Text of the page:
There were some other linguistic problems: Slavic and Japanese are very different languages in the number of syllables, the grammatical structure and intonation. In general, Japanese phrases consist of a lot of syllables. For example, in “С нами Бог” (God be with us) there are only three syllables, in Japanese, “Kami wa warera to tomo ni su” there are 11 syllables. Grammatically, in Slavic and other European languages, the word at the end of the phrase often performs an important role; on the contrary, in Japanese the last word is usually something unimportant like an auxiliary verb or a suffix. If one put Japanese text to a Russian melody, additional words like prepositions in English should be sung in melismatic. Another problem was how to manage “n.” Nikolai told Pozninev how to sing “n,” telling that in Japanese prosody, “n” was an independent syllable but Nikolai and Tichai could not agree to sing a long note with “n” as one syllable. (Pozninev, translated by K. Nakamura, Archbishop Nikolai and Japan in Meiji Era) .
Nikolai and Tichai made trial pieces, practiced them in the services, revised, and practiced them again and again. Compared to the songs for feasts, coming once a year, Sunday hymns which are sung weekly sound better. 
In the case of four-voice scores, it is no doubt they referred to Obichod. The “Yokonaga” music book published in 1891, on the colophon, said in its proviso, “Over half of these scores are based on the scores for four voice by the famous composer Livov and Bachmetev, translated (musically set) by Iakov Tichai.” Because of fires and disasters, we have not found the book that Tichai used, but another copy of the second volume of Bachmetev’s Obichod of 1869 was found in a church in Kobe. Observing this Obichod, some interesting facts appeared.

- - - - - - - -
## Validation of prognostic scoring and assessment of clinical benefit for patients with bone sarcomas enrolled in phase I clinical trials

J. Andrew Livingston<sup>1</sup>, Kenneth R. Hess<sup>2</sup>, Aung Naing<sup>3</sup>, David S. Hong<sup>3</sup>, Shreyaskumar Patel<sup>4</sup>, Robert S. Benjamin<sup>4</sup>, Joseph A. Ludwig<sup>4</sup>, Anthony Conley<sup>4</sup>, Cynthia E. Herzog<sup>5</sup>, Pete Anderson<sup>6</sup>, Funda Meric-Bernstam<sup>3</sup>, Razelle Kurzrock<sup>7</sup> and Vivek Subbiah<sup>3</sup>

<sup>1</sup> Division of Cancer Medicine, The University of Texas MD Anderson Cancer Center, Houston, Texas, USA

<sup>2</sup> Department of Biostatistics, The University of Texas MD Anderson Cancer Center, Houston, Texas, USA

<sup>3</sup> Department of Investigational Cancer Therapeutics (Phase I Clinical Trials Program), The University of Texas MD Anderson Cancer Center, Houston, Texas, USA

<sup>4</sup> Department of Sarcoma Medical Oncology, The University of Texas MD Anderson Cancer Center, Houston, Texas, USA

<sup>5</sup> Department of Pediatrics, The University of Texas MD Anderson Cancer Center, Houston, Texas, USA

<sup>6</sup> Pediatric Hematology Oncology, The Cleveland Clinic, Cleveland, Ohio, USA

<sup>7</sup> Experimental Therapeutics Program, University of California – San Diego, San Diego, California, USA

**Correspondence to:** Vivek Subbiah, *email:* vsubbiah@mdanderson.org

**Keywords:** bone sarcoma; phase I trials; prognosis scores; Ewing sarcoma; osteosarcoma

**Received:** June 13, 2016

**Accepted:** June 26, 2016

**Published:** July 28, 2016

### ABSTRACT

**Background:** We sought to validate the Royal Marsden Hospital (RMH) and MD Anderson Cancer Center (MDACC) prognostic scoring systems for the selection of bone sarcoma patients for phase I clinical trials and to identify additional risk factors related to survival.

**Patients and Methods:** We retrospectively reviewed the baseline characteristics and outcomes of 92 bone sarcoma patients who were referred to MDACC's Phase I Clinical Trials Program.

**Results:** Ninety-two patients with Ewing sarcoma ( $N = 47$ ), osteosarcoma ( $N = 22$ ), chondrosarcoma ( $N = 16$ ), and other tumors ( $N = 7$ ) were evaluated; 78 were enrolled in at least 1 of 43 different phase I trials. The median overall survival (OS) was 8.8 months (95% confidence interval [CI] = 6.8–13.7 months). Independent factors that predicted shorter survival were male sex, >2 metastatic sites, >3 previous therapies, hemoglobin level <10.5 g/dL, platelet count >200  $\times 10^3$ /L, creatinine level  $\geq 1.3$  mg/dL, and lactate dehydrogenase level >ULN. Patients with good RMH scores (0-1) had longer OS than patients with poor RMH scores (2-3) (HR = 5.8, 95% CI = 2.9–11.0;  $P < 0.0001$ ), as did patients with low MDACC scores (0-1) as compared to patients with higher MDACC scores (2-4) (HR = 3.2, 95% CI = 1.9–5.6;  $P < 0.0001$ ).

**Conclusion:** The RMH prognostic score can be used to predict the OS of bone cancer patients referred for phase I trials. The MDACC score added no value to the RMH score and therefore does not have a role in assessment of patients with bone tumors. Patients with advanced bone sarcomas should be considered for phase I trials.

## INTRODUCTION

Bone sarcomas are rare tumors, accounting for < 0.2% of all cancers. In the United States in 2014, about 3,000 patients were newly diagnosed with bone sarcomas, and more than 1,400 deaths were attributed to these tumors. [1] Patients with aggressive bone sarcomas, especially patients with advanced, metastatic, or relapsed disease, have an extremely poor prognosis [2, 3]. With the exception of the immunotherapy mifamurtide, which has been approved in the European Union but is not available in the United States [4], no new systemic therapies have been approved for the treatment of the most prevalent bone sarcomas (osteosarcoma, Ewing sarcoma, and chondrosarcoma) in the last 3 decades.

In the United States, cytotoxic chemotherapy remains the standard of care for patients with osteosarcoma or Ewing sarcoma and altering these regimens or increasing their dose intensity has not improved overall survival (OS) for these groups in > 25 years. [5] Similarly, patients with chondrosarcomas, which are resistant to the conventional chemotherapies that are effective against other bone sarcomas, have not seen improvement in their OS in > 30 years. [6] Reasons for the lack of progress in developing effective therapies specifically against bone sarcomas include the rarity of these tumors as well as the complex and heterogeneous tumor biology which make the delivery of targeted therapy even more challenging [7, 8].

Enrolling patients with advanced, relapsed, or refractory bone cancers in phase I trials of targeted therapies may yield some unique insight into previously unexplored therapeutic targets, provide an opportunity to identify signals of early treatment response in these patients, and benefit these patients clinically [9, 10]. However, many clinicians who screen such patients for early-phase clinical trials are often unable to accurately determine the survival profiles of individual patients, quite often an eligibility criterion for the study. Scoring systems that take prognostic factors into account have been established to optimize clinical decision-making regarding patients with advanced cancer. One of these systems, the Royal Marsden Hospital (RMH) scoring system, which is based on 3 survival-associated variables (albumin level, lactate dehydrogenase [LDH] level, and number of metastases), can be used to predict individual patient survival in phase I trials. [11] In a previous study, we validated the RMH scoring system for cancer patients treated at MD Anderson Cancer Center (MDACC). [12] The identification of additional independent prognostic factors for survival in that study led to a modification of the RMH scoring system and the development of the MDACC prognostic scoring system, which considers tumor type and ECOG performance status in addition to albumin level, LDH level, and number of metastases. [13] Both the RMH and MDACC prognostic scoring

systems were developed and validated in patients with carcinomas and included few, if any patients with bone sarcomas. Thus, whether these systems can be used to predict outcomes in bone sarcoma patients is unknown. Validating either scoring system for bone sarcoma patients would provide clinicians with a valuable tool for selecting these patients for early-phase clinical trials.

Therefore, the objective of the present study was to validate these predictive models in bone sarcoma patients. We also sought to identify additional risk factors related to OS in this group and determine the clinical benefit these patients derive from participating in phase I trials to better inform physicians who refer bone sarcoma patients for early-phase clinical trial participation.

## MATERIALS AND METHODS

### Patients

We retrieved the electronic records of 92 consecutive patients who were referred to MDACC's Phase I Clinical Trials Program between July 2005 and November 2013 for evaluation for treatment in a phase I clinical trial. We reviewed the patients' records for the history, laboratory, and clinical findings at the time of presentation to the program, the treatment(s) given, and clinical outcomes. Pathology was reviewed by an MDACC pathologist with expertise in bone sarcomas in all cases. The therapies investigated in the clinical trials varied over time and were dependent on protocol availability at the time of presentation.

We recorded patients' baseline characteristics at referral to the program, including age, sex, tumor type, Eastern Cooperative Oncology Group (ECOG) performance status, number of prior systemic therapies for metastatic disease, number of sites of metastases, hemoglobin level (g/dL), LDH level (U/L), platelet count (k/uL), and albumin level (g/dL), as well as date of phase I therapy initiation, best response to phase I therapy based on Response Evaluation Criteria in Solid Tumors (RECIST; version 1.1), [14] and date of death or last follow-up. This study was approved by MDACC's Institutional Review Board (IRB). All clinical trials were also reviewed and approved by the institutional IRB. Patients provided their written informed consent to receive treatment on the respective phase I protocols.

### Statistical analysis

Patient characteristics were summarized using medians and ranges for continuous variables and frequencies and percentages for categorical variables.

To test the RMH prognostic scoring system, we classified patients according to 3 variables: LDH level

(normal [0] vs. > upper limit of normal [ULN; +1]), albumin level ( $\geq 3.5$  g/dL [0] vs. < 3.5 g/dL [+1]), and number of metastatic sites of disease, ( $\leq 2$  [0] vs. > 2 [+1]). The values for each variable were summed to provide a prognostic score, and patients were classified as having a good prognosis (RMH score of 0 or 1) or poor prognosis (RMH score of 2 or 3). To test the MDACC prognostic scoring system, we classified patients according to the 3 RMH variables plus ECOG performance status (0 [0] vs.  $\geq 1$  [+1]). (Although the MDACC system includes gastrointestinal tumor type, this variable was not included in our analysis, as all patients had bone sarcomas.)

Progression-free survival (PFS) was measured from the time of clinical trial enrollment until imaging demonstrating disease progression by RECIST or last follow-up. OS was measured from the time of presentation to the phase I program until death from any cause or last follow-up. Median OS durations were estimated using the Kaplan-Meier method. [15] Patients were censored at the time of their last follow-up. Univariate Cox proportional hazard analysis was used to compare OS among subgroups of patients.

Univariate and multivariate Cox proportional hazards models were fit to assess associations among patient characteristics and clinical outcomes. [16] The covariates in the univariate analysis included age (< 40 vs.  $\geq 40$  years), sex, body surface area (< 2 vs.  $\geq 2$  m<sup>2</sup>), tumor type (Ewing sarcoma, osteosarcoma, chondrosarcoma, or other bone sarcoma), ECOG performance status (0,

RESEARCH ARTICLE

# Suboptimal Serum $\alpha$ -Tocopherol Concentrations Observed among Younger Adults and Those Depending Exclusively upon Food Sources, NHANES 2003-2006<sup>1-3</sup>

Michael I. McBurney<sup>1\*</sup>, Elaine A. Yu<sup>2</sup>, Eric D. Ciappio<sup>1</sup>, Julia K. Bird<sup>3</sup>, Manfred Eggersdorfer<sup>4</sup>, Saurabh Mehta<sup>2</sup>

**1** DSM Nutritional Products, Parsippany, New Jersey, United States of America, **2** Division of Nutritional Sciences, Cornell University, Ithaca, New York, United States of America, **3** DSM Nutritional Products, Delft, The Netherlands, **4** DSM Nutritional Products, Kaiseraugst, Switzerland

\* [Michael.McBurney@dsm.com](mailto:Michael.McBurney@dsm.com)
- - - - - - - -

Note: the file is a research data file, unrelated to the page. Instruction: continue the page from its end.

Looking at cherubic hymns by Bortnyanskii, the framework of the melodies and harmony structures are almost the same in Slavic originals and in Japanese, but the same notes happened to repeat many times to fill the number of syllables in Japanese texts and the original triple time rhythm disappeared.
In the case of Great Litany, the rhythm was maintained, but the harmony construction was replaced. Both the Obichod and Japanese take open harmony, whose interval between soprano and alto is a sixth. In the case of Japanese, the original soprano’s melody went to the alto one octave lower, the alto’s melody to the tenor, the tenor’s melody to soprano in one octave higher. In the Obichod of 1869, the first antiphon in Liturgy was in narrow harmony, however in Japanese, it is in open harmony. I do not know why Tichai made such a complicated change, but one conjecture is that he took into consideration the Japanese’ voice range.